AP Photo/Kristie Bull/Graylock.com
Morgan Freeman just had the darkest night of his life.
The Oscar-winning Batman sidekick is in serious condition in a Memphis hospital after rolling his car on a rural stretch of Mississippi highway late Sunday.
Mississippi Highway Patrol spokesman Ben Williams confirmed to E! News that Freeman and his female passenger, Demaris Meyer, were heading east on state Highway 32 in Ruleville about 11:30 p.m. The 71-year-old actor was piloting Meyer's 1997 Nissan Maxima, lost control of the vehicle and then overcorrected, causing the car to flip several times before coming to a rest right-side up.
"It's just a typical accident," Williams told E! News. "It was on a dark road, it was late, this portion of the highway is rural."
Williams said there was no signs of alcohol being involved. Both Freeman and Meyer, 48, were both wearing seatbelts.
"I think it's safe to say no charges are planned," Williams said.
Rescue crews needed the jaws of life to free Freeman and Meyer from the mangled Maxima as the car doors had jammed as it rolled off the road.
Nonetheless, Freeman and his passenger were coherent enough at the scene to talk to the emergency crews.
"They were both conscious. He was aware of what was going on, joking," Williams told E! News.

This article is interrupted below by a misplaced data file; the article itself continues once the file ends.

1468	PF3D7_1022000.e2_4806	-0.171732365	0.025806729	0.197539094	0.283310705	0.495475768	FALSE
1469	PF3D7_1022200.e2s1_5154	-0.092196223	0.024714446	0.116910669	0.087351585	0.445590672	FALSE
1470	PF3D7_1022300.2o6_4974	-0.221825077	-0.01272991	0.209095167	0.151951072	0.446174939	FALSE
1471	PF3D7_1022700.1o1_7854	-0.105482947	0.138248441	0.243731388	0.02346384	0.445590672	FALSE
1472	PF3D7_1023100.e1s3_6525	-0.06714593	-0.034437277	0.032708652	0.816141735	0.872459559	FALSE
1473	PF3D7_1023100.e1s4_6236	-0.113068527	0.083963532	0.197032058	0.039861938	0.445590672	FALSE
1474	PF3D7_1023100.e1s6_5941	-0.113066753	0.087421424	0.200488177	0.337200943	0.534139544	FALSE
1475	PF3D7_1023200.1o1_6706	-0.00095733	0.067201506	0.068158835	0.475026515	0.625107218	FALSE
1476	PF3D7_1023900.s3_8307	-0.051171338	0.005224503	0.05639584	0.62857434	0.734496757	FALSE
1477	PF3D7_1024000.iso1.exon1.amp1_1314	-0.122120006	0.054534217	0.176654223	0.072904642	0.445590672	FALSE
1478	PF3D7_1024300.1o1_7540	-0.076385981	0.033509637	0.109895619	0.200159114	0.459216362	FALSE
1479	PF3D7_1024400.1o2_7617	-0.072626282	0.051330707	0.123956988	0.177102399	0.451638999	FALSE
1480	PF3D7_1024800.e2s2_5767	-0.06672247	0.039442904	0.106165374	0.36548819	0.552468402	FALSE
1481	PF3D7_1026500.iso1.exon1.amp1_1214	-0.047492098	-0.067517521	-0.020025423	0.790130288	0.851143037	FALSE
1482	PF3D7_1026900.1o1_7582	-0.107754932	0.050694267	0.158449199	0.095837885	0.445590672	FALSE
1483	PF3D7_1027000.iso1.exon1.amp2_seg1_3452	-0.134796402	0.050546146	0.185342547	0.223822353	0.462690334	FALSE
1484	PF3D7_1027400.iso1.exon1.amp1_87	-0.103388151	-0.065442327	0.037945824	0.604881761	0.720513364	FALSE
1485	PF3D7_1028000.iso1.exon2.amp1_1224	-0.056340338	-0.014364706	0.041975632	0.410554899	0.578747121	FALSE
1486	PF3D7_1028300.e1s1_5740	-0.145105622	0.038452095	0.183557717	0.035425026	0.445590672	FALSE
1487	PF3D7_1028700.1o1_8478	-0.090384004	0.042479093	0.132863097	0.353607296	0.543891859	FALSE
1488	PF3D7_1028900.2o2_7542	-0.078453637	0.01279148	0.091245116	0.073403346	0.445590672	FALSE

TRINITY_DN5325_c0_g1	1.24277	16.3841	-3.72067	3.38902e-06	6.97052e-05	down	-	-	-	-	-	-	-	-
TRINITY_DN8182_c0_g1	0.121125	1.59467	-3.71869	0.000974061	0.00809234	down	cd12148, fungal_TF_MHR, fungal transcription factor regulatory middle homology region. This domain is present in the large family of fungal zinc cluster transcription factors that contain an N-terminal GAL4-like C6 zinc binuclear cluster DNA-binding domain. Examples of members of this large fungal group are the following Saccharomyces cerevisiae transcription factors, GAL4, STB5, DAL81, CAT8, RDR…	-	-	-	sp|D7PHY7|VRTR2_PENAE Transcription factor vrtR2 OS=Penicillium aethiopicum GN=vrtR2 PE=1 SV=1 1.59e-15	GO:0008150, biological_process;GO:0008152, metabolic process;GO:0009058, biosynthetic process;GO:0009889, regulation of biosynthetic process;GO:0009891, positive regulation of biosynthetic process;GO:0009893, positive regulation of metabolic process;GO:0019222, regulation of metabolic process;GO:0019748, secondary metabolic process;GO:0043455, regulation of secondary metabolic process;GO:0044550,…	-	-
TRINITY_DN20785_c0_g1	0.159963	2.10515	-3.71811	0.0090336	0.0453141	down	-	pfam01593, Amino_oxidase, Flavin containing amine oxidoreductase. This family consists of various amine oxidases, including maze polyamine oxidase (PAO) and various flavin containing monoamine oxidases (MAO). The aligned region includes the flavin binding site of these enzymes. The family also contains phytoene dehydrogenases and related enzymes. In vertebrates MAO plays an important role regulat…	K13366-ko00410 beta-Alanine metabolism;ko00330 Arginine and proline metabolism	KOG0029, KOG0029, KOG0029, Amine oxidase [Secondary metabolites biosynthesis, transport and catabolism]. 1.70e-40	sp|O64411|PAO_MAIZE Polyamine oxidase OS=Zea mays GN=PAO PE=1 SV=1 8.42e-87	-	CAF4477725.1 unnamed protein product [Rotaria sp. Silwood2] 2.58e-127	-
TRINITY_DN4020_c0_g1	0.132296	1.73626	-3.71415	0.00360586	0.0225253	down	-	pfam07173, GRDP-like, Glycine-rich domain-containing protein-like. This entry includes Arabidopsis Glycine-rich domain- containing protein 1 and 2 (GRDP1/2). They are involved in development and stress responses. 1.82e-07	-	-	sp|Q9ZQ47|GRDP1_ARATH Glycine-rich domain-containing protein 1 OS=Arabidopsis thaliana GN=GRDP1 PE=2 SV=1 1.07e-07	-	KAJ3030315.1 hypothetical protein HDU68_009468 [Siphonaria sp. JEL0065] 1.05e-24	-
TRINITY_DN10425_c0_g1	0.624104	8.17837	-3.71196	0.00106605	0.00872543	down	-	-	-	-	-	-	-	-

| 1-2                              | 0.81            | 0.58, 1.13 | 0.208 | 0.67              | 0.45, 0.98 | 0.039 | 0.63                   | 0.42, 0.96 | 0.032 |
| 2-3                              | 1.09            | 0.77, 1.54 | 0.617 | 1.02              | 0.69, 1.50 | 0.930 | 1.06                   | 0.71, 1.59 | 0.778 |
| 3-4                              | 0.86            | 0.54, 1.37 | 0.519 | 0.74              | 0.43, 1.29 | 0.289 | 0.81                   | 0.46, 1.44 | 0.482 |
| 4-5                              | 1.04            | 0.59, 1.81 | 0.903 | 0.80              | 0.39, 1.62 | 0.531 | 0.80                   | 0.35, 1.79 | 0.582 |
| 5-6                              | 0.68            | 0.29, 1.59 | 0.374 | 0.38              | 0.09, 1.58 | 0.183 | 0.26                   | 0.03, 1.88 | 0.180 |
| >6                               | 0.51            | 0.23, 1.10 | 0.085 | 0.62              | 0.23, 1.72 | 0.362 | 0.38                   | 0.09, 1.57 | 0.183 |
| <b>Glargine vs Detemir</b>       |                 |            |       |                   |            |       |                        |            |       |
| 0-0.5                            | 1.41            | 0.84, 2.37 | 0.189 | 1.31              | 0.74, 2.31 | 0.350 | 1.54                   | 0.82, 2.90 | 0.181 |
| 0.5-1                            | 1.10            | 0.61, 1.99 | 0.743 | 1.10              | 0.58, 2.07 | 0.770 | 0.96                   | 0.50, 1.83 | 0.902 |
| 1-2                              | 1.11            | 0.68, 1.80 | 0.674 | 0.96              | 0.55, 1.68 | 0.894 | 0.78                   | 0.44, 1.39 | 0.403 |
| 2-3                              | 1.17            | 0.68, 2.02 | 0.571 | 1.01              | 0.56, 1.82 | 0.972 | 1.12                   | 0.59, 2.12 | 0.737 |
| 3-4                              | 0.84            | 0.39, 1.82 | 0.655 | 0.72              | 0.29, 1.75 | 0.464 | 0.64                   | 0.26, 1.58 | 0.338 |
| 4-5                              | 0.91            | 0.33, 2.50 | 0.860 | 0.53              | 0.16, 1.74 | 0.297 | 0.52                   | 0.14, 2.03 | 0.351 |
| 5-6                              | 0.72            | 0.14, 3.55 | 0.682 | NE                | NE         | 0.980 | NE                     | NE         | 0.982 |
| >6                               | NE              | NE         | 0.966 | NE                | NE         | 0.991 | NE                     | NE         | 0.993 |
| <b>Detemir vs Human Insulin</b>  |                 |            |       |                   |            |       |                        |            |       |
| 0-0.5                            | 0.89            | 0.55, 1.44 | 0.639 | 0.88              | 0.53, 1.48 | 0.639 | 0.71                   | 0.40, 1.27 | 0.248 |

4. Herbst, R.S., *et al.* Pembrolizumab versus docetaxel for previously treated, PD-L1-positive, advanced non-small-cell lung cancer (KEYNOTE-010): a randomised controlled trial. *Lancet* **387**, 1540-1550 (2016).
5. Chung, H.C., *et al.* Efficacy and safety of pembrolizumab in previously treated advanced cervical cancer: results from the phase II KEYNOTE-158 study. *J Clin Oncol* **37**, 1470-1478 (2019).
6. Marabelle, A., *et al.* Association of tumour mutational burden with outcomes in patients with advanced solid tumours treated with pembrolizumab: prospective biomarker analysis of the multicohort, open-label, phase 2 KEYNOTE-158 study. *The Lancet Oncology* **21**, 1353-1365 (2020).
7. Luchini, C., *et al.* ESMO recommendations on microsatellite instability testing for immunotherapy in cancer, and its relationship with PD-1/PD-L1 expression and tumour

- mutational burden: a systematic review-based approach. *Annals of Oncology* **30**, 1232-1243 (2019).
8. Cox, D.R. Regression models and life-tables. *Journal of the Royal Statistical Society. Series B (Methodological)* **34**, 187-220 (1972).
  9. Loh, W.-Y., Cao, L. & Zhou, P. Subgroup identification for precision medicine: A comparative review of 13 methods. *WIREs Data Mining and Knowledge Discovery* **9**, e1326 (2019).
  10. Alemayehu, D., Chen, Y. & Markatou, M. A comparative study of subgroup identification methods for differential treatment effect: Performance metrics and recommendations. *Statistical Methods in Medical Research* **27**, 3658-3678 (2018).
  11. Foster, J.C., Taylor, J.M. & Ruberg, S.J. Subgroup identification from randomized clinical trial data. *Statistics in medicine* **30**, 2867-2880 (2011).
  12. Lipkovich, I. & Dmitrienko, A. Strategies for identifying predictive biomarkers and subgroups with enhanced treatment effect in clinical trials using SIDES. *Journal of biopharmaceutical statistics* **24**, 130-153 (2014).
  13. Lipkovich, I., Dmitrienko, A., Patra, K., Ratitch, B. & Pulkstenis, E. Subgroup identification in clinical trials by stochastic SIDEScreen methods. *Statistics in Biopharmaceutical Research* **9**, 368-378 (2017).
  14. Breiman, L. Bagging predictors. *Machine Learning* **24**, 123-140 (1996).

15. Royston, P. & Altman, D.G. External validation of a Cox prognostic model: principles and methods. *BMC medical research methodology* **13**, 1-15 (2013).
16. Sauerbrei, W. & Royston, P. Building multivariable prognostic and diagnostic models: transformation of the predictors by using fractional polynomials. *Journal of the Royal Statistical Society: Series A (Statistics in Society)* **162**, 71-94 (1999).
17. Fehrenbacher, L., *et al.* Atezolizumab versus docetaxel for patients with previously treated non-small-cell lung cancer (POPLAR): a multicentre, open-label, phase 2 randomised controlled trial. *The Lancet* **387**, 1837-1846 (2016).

Clay McFerrin, editor of the Sun Sentinel in nearby Charleston, Miss., was one of many curious neighbors to rush to the scene. He told the Associated Press that Freeman even cracked wise to the onlookers, saying, "No freebies, no freebies," when people began pulling out their camera phones.
CBS' Memphis affiliate, WREG, reported that Freeman may have fallen asleep at the wheel, which Williams would not confirm.
Freeman and Meyer were both airlifted to the Regional Medical Center in Memphis, a facility roughly 90 miles north of the scene of the accident.
Officials told E! News that while injuries to both parties were apparent, they could not confirm specifics and were awaiting updated condition reports on both.
Freeman and his wife, Myrna, have a home in the town of Charleston, about 4 miles from the accident scene.
—Additional reporting by Matt Donnelly
(Originally published on Aug. 4, 2008, at 9:03 a.m. PT.)